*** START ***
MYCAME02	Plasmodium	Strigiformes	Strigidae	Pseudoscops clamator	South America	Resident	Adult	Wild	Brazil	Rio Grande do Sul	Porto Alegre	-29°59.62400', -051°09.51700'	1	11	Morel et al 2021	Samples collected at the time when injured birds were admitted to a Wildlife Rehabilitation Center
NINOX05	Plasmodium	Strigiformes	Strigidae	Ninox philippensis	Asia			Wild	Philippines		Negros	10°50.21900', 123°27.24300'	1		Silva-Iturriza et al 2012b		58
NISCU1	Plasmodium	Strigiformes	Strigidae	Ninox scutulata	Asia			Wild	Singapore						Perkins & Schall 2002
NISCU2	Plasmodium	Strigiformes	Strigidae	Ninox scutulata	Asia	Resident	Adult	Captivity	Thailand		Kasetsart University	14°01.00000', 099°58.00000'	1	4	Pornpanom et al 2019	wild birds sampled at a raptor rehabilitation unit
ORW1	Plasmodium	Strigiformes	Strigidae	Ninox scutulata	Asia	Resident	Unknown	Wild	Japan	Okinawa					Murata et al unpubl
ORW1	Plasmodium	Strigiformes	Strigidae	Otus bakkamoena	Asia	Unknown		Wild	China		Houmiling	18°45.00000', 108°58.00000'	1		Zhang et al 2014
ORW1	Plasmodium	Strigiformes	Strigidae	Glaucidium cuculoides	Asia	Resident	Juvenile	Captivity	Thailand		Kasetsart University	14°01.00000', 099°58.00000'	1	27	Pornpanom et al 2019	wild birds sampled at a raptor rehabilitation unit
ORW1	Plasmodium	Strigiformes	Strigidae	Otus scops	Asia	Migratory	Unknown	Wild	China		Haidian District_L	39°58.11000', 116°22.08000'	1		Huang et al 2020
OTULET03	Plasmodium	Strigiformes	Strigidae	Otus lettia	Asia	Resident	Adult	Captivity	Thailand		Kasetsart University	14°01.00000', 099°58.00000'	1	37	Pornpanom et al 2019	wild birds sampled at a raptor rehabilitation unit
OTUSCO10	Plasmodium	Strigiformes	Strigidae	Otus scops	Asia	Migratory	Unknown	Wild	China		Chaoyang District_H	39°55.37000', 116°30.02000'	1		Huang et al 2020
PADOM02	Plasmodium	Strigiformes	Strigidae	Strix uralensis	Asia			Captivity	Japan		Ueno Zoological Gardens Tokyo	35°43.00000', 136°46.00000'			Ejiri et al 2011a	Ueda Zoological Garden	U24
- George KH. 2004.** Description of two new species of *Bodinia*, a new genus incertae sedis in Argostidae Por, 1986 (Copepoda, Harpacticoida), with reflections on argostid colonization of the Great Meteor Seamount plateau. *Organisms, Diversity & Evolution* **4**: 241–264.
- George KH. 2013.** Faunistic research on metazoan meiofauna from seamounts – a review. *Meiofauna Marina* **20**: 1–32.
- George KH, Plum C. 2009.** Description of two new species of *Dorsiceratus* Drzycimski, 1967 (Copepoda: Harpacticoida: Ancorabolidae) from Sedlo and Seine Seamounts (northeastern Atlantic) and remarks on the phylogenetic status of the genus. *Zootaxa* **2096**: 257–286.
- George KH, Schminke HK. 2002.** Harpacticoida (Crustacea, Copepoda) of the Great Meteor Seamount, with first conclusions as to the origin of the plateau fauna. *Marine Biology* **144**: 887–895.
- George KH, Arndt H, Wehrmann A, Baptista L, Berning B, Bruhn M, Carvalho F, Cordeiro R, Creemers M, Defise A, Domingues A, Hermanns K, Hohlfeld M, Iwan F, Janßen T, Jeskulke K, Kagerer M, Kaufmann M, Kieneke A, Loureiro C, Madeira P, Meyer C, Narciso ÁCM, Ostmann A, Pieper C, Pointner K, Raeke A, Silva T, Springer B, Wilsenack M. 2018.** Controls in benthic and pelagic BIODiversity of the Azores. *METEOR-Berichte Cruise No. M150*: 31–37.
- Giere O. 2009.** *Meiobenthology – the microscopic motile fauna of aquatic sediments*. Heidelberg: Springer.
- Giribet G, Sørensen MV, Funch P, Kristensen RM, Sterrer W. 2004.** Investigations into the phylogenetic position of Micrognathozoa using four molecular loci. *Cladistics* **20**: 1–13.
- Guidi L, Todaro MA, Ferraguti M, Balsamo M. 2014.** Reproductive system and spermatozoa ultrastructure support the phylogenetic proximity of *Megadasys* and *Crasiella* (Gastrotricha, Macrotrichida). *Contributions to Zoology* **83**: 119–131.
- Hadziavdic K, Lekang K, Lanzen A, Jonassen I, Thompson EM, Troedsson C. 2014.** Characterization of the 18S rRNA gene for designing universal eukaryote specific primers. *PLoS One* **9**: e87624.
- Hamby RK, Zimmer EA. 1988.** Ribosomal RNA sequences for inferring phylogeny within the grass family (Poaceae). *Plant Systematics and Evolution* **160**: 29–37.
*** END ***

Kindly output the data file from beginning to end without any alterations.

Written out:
MYCAME02	Plasmodium	Strigiformes	Strigidae	Pseudoscops clamator	South America	Resident	Adult	Wild	Brazil	Rio Grande do Sul	Porto Alegre	-29°59.62400', -051°09.51700'	1	11	Morel et al 2021	Samples collected at the time when injured birds were admitted to a Wildlife Rehabilitation Center
NINOX05	Plasmodium	Strigiformes	Strigidae	Ninox philippensis	Asia			Wild	Philippines		Negros	10°50.21900', 123°27.24300'	1		Silva-Iturriza et al 2012b		58
NISCU1	Plasmodium	Strigiformes	Strigidae	Ninox scutulata	Asia			Wild	Singapore						Perkins & Schall 2002
NISCU2	Plasmodium	Strigiformes	Strigidae	Ninox scutulata	Asia	Resident	Adult	Captivity	Thailand		Kasetsart University	14°01.00000', 099°58.00000'	1	4	Pornpanom et al 2019	wild birds sampled at a raptor rehabilitation unit
ORW1	Plasmodium	Strigiformes	Strigidae	Ninox scutulata	Asia	Resident	Unknown	Wild	Japan	Okinawa					Murata et al unpubl
ORW1	Plasmodium	Strigiformes	Strigidae	Otus bakkamoena	Asia	Unknown		Wild	China		Houmiling	18°45.00000', 108°58.00000'	1		Zhang et al 2014
ORW1	Plasmodium	Strigiformes	Strigidae	Glaucidium cuculoides	Asia	Resident	Juvenile	Captivity	Thailand		Kasetsart University	14°01.00000', 099°58.00000'	1	27	Pornpanom et al 2019	wild birds sampled at a raptor rehabilitation unit
ORW1	Plasmodium	Strigiformes	Strigidae	Otus scops	Asia	Migratory	Unknown	Wild	China		Haidian District_L	39°58.11000', 116°22.08000'	1		Huang et al 2020
OTULET03	Plasmodium	Strigiformes	Strigidae	Otus lettia	Asia	Resident	Adult	Captivity	Thailand		Kasetsart University	14°01.00000', 099°58.00000'	1	37	Pornpanom et al 2019	wild birds sampled at a raptor rehabilitation unit
OTUSCO10	Plasmodium	Strigiformes	Strigidae	Otus scops	Asia	Migratory	Unknown	Wild	China		Chaoyang District_H	39°55.37000', 116°30.02000'	1		Huang et al 2020
PADOM02	Plasmodium	Strigiformes	Strigidae	Strix uralensis	Asia			Captivity	Japan		Ueno Zoological Gardens Tokyo	35°43.00000', 136°46.00000'			Ejiri et al 2011a	Ueda Zoological Garden	U24
- George KH. 2004.** Description of two new species of *Bodinia*, a new genus incertae sedis in Argostidae Por, 1986 (Copepoda, Harpacticoida), with reflections on argostid colonization of the Great Meteor Seamount plateau. *Organisms, Diversity & Evolution* **4**: 241–264.
- George KH. 2013.** Faunistic research on metazoan meiofauna from seamounts – a review. *Meiofauna Marina* **20**: 1–32.
- George KH, Plum C. 2009.** Description of two new species of *Dorsiceratus* Drzycimski, 1967 (Copepoda: Harpacticoida: Ancorabolidae) from Sedlo and Seine Seamounts (northeastern Atlantic) and remarks on the phylogenetic status of the genus. *Zootaxa* **2096**: 257–286.
- George KH, Schminke HK. 2002.** Harpacticoida (Crustacea, Copepoda) of the Great Meteor Seamount, with first conclusions as to the origin of the plateau fauna. *Marine Biology* **144**: 887–895.
- George KH, Arndt H, Wehrmann A, Baptista L, Berning B, Bruhn M, Carvalho F, Cordeiro R, Creemers M, Defise A, Domingues A, Hermanns K, Hohlfeld M, Iwan F, Janßen T, Jeskulke K, Kagerer M, Kaufmann M, Kieneke A, Loureiro C, Madeira P, Meyer C, Narciso ÁCM, Ostmann A, Pieper C, Pointner K, Raeke A, Silva T, Springer B, Wilsenack M. 2018.** Controls in benthic and pelagic BIODiversity of the Azores. *METEOR-Berichte Cruise No. M150*: 31–37.
- Giere O. 2009.** *Meiobenthology – the microscopic motile fauna of aquatic sediments*. Heidelberg: Springer.
- Giribet G, Sørensen MV, Funch P, Kristensen RM, Sterrer W. 2004.** Investigations into the phylogenetic position of Micrognathozoa using four molecular loci. *Cladistics* **20**: 1–13.
- Guidi L, Todaro MA, Ferraguti M, Balsamo M. 2014.** Reproductive system and spermatozoa ultrastructure support the phylogenetic proximity of *Megadasys* and *Crasiella* (Gastrotricha, Macrotrichida). *Contributions to Zoology* **83**: 119–131.
- Hadziavdic K, Lekang K, Lanzen A, Jonassen I, Thompson EM, Troedsson C. 2014.** Characterization of the 18S rRNA gene for designing universal eukaryote specific primers. *PLoS One* **9**: e87624.
- Hamby RK, Zimmer EA. 1988.** Ribosomal RNA sequences for inferring phylogeny within the grass family (Poaceae). *Plant Systematics and Evolution* **160**: 29–37.